Offshore production resilient to oil volatility


03 02, 2015 by Lori LeBlanc | BIC Magazine

I have to believe gas prices dropping below $2 just before the Christmas holidays took everybody by surprise and was seen as a gift to many of our wallets. After all, according to www.LouisianaGasPrices.com, Louisiana residents haven’t seen gas prices that low since 2008. Who could blame us for doing a little happy dance thinking about all the money we would save filling up each week?

After that initial excitement wore off though, I couldn’t help but think about how this latest price dip emphasizes the importance of the energy industry’s long-term investments in the deepwater Gulf of Mexico.

Sure, low gasoline prices immediately impact American consumers’ pocketbooks for the better. We all have more money to spend on things we like to do, such as eating out and vacationing. But as crude oil prices have dropped with global supply outpacing demand, this volatility has been particularly rough on the U.S. stock market and has created some uncertainty for some sectors of the energy industry. Long-term investments in deepwater, however, remain resilient, and offshore oil and gas are now more important than ever to our energy future.

In fact, Gulf of Mexico offshore oil production is headed into one of its biggest growth spurts in history. Gulf of Mexico production is expected to grow by 21 percent from 2014 to 2015, with an additional boost in 2016 to bring production to a peak of 1.5 million barrels of crude a day in the Gulf, surpassing a previous record set in 2009. The long-term, multimillion-dollar investments that have been made and continue to be made in America’s Gulf are resistant to today’s market fluctuations. These investments are the sources that will fuel this nation in years to come and continue to provide American jobs at an unparalleled pace.

A perfect example of this continued boom in deepwater production is Port Fourchon, Louisiana. This port at the tip of Lafourche Parish is America’s energy port, servicing 90 percent of rigs in the Gulf and playing a strategic role in providing 20 percent of America’s oil supply. Here, there are no signs the industry is holding back or even stuttering due to lower prices at the pump. The port continues to expand its water frontage, slips are leased even before construction is complete and investments planned for 2015 and 2016 are record breaking. As we can see at Port Fourchon, offshore energy production is a powerful economic engine that continues to make huge economic impacts to our local communities, state and nation, regardless of the price at the pump.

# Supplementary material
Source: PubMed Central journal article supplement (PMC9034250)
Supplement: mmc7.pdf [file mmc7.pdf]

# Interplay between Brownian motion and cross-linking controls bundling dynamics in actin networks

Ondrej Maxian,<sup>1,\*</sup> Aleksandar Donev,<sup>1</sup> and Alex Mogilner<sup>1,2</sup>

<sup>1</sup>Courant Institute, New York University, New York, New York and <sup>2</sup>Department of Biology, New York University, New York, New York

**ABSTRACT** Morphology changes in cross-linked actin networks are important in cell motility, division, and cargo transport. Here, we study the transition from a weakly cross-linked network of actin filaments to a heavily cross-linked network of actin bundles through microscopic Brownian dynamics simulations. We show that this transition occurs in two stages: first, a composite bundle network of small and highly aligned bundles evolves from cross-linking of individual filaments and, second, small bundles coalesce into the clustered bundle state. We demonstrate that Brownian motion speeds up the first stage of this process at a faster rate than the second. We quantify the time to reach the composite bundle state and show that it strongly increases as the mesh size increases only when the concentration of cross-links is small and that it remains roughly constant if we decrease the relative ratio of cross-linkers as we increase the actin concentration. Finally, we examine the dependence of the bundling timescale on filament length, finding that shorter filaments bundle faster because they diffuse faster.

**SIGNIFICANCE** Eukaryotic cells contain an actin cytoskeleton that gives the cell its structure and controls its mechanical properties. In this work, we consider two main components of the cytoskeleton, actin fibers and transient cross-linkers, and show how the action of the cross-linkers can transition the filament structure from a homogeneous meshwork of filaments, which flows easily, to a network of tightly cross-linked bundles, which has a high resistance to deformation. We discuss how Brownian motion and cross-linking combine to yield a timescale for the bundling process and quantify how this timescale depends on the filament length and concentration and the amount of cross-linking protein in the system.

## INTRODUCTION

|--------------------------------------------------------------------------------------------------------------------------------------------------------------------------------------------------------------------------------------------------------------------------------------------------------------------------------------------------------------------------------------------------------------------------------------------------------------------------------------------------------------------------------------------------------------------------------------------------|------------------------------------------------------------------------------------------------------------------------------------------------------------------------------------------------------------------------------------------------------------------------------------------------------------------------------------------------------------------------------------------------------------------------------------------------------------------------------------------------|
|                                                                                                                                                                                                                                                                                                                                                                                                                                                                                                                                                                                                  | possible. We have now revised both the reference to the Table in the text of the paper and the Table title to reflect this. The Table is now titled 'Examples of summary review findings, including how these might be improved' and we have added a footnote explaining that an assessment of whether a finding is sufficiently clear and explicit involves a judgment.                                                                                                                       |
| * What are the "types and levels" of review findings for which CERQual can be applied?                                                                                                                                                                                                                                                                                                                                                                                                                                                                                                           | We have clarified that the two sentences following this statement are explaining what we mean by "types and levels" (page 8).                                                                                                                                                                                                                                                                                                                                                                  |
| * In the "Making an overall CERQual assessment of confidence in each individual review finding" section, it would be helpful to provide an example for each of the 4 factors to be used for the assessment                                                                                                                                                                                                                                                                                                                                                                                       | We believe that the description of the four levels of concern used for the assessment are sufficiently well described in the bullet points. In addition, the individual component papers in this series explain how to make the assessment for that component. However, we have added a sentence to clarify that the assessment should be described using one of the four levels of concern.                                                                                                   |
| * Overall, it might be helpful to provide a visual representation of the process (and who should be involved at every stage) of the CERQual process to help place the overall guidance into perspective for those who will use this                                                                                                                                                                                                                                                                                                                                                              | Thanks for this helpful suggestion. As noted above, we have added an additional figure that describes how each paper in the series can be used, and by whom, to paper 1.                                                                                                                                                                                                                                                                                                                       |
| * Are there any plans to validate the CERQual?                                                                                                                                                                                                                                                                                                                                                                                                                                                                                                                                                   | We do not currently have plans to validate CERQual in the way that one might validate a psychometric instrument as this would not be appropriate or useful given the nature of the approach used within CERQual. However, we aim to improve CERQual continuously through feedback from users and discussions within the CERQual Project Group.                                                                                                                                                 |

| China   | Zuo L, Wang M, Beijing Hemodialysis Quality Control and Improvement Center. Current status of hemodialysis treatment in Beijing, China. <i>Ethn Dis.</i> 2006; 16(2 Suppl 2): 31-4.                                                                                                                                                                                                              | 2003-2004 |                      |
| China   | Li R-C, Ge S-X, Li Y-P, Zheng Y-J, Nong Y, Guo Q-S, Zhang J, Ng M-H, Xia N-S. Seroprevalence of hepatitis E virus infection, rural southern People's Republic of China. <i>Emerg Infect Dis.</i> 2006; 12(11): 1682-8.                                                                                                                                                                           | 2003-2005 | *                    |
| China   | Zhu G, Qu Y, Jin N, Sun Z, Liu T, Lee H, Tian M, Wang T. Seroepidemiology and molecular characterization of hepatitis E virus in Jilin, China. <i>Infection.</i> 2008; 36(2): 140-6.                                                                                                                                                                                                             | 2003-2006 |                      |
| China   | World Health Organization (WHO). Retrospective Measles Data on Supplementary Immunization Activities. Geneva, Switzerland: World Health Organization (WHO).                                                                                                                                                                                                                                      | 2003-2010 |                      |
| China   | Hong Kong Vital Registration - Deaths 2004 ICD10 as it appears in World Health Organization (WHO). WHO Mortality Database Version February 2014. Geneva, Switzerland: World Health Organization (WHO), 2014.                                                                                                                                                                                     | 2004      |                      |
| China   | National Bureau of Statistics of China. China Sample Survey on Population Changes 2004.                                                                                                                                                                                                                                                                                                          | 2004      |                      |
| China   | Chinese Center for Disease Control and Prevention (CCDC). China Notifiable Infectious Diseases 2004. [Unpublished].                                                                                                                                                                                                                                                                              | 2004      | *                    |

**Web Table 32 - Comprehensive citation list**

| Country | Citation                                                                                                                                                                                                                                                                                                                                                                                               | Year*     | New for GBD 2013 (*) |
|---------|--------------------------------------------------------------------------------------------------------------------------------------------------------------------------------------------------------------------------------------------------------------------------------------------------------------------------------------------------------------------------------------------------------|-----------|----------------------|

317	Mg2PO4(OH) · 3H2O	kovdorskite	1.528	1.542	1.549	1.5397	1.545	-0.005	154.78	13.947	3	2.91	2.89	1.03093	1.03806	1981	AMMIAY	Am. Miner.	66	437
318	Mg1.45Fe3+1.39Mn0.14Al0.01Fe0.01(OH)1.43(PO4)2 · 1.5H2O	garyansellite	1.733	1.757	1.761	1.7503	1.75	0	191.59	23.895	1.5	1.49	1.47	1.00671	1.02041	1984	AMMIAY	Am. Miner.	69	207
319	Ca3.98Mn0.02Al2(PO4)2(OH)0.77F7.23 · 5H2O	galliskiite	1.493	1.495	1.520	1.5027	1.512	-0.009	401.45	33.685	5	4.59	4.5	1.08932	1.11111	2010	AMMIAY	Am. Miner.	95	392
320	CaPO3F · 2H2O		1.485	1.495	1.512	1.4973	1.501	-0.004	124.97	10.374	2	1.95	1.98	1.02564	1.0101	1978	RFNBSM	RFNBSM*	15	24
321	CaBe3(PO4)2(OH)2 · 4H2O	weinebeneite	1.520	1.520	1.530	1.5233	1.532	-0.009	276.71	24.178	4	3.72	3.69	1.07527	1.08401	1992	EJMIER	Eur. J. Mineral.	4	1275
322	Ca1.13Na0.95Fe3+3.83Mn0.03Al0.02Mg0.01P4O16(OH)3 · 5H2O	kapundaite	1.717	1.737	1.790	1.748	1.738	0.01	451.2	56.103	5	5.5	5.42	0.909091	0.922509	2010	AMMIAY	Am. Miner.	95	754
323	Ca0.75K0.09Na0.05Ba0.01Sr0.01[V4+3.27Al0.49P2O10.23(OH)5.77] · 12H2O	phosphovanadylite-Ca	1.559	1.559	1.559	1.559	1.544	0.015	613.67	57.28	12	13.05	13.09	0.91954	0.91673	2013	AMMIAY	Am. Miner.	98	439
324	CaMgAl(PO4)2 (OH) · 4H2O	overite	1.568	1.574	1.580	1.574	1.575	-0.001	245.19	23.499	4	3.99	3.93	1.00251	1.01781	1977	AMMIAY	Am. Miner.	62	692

That is why it is more important than ever we aggressively advocate for increased access to offshore waters as part of the U.S. Bureau of Ocean Energy Management’s (BOEM) 2017-2022 Leasing Plan, which the federal agency is currently developing. Expanding federal waters open to energy production will reduce America’s vulnerability to the volatility of global energy markets and increase our own energy independence.

Currently, 87 percent of America’s offshore waters are off limits to drilling. This leaves only 13 percent of federal waters open for developing energy to heat our homes and fuel our cars — namely the Western and Central Gulf of Mexico and Alaska. Since summer 2014, Louisiana Mid-Continent Oil and Gas Association (LMOGA) has been actively involved in the five-year lease plan process, urging BOEM to not only maintain the existing exploration and development activities in the 2017-2022 plan but also to expand leasing into new areas where there has been little or no activity such as the Mid and Southern Atlantic, the Eastern Gulf of Mexico and the Pacific. A draft five-year plan was recently released, and LMOGA will be submitting comments on the draft as well as encouraging businesses and organizations throughout the state to do the same.

Expanded offshore production expands our economy. It’s as simple as that, and it’s a message clearly demonstrated right here in Louisiana at the bustling Port Fourchon. So, no matter what it costs to fill up your tank today, next month or next year, you can feel confident a booming offshore energy industry is working to keep you fueled up for years to come.

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